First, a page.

Rishi is paying for all this himself!

Re: Red Rishi's Eat Out to Get COVID-19
« Reply #106 on: February 26, 2021, 02:16:11 PM »
Where are the gammons perspiring about the need to GET DEFERCIT DOWN

They all died of Covid.

Re: Red Rishi's Eat Out to Get COVID-19
« Reply #107 on: February 27, 2021, 12:35:43 AM »
ffs

Re: Red Rishi's Eat Out to Get COVID-19
« Reply #108 on: February 27, 2021, 01:20:40 AM »
Rishi is paying for all this himself!
what a lovely young man.

Blinder Data

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Re: Red Rishi's Eat Out to Get COVID-19
« Reply #109 on: March 10, 2021, 11:41:34 AM »
From the Times the other day - when laid out in black and white, it's damning:

‘Rishi Sunak was the main person responsible for Covid’s second wave’

The latest extract from Jonathan Calvert and George Arbuthnott’s new book Failures of State looks at the grave cost of Boris Johnson’s reluctance to follow the advice of scientists in favour of measures to boost the economy


The government had been warned about the consequences of a second wave but, by the end of July, the scientists on Sage were reporting that they had no confidence that R was not now above the one threshold. The government’s limited room for manoeuvre was acknowledged by Chris Whitty, the chief medical officer, at a hastily arranged press conference. “We have probably reached near the limits, or the limits, of what we can do in terms of opening up society,” he said.

The following Monday, August 3, was going to be the start of Eat Out to Help Out, come what may. According to a Conservative MP source, both Matt Hancock and Michael Gove were concerned about pressing ahead, but “the voices that were prevailing in government, for whatever reason, were those that were pushing a case that was based purely on economic recovery at all costs as fast as possible”.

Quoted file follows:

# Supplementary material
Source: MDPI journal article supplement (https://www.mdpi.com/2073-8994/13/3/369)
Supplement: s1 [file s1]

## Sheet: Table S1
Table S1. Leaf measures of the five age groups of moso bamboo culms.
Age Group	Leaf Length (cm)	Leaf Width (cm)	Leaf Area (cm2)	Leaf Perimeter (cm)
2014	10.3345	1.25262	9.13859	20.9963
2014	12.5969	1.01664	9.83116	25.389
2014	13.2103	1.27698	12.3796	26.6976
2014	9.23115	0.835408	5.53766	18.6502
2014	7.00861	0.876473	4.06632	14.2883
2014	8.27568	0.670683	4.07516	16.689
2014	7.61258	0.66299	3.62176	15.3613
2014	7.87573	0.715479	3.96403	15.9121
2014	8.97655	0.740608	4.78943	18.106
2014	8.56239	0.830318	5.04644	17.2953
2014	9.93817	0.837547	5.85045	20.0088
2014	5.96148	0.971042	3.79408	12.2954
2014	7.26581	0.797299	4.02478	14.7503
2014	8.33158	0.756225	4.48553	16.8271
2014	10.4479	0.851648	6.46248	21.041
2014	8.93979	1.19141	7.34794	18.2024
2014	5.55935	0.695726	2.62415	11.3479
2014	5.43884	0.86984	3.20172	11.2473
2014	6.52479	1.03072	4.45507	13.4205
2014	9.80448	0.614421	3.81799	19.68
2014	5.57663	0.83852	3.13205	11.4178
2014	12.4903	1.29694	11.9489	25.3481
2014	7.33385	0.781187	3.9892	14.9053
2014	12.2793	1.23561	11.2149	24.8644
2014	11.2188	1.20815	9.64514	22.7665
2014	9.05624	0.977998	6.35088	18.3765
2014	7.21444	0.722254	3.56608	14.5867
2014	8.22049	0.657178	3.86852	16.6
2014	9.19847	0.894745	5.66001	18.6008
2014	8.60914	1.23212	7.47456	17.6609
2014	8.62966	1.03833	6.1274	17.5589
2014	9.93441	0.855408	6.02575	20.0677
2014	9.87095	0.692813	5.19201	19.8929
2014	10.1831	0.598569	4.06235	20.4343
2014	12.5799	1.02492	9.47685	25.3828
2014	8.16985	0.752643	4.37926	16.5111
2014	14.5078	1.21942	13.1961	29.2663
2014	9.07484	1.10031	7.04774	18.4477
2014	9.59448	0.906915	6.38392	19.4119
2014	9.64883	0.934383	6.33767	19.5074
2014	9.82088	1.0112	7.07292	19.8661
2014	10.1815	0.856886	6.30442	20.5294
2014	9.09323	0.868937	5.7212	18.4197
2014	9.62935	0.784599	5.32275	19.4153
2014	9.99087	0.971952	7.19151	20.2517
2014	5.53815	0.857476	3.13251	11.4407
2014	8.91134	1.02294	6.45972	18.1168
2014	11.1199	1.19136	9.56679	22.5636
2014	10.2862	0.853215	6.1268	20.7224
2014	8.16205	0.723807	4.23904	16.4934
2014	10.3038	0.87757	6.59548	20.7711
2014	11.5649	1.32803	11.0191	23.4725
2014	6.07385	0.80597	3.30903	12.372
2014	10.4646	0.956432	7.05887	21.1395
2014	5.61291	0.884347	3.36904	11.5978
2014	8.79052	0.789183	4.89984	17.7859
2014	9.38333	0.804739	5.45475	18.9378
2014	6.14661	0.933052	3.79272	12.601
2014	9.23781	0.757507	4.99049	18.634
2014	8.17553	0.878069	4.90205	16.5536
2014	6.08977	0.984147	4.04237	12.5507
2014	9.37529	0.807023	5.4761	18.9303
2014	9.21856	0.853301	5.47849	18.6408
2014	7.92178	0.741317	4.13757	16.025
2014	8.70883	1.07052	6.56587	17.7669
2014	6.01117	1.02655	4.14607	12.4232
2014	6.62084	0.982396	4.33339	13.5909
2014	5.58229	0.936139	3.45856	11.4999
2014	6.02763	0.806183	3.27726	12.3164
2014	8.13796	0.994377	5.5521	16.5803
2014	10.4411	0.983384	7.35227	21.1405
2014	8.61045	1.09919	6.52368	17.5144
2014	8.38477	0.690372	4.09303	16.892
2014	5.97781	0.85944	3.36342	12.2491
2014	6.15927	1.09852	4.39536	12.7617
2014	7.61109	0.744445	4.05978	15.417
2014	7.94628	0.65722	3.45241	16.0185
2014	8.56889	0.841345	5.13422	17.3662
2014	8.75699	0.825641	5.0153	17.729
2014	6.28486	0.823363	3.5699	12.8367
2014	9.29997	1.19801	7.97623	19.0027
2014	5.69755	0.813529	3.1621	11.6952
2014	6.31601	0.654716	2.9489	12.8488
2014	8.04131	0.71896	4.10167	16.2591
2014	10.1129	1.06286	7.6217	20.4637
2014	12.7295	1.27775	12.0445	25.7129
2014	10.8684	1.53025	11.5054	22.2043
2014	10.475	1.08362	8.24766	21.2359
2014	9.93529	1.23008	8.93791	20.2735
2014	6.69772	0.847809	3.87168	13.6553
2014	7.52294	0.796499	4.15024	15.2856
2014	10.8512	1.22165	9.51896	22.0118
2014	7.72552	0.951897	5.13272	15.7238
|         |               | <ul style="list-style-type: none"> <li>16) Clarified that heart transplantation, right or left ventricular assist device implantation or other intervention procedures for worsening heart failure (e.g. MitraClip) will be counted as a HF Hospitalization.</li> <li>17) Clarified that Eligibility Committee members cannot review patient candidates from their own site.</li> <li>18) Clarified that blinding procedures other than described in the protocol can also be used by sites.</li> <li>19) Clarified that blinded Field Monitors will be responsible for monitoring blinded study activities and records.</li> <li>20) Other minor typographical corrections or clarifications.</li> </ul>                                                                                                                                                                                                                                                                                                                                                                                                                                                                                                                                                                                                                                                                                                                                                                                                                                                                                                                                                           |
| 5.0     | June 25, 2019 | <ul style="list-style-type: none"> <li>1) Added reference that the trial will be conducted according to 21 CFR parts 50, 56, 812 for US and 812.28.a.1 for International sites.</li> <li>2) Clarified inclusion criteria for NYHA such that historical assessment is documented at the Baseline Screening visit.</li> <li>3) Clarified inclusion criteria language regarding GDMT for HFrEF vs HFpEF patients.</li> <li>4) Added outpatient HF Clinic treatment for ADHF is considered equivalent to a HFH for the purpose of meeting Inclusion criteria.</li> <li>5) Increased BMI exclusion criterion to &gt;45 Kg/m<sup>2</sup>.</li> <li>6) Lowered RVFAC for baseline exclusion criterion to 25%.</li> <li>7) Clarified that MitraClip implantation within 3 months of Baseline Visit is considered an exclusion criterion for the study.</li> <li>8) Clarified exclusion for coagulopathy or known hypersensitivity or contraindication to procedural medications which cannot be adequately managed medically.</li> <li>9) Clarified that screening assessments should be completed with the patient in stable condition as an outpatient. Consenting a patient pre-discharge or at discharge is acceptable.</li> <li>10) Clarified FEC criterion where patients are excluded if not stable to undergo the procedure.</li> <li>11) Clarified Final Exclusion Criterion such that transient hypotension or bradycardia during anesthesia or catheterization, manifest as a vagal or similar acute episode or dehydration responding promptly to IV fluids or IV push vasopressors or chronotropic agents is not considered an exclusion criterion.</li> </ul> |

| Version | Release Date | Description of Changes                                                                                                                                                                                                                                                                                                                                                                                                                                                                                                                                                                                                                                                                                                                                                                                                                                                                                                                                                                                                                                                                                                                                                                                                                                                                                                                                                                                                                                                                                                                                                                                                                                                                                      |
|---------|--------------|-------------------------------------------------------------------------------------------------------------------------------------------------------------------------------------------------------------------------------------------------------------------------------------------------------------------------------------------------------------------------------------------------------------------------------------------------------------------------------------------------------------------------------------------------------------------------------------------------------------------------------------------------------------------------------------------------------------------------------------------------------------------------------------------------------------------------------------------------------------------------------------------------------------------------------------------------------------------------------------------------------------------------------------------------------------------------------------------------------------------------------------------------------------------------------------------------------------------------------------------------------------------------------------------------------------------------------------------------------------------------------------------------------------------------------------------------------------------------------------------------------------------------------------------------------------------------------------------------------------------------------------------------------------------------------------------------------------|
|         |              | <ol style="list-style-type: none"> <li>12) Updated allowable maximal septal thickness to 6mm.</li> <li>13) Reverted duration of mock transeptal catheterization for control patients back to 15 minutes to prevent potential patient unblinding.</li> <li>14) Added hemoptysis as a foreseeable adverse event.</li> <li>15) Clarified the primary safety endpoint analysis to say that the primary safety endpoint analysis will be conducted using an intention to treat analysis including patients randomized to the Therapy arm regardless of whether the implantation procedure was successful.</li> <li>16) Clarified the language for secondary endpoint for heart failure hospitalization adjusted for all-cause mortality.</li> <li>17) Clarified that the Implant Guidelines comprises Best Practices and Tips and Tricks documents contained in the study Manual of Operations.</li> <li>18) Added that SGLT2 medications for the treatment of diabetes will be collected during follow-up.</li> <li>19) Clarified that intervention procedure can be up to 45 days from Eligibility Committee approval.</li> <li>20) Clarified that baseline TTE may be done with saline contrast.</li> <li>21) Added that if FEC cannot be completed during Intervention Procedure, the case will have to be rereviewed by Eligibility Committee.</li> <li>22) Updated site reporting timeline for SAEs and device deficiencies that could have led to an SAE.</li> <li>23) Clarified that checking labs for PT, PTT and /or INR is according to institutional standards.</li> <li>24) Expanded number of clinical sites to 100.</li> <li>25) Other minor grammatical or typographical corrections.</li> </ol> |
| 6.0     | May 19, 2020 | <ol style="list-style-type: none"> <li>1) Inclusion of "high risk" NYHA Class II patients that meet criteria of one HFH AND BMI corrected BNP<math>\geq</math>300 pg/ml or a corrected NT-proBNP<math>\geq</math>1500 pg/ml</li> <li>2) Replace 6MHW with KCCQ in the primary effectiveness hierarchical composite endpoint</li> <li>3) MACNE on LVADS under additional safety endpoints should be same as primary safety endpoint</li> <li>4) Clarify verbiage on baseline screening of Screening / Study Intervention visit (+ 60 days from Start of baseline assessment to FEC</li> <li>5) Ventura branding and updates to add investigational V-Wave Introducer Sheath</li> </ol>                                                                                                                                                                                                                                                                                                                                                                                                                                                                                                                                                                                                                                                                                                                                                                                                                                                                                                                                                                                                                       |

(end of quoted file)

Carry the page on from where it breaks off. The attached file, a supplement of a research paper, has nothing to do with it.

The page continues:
By mid-August, positive tests had risen to more than a thousand a day. The Commons all-party coronavirus group wrote directly to the prime minister. “It is already clear that to minimise the risk of a second wave occurring . . . an urgent change in government approach is required,” said the letter.

When it arrived at Downing Street, Boris Johnson and his fiancée Carrie Symonds were on holiday in a cottage on the coast of Scotland opposite the Isle of Skye — almost as far away from London as you could be while still in the UK. Trouble had kicked off over A-level results, but Johnson was out of the firing line and it was not his style to return from holidays for work. However, the holiday was cut short after he was tracked down by an intrepid newshound, and the couple were advised to leave by their protection team. The letter was waiting for Johnson when he returned to work. He never replied and went on to ignore the MPs’ advice concerning a zero-Covid strategy.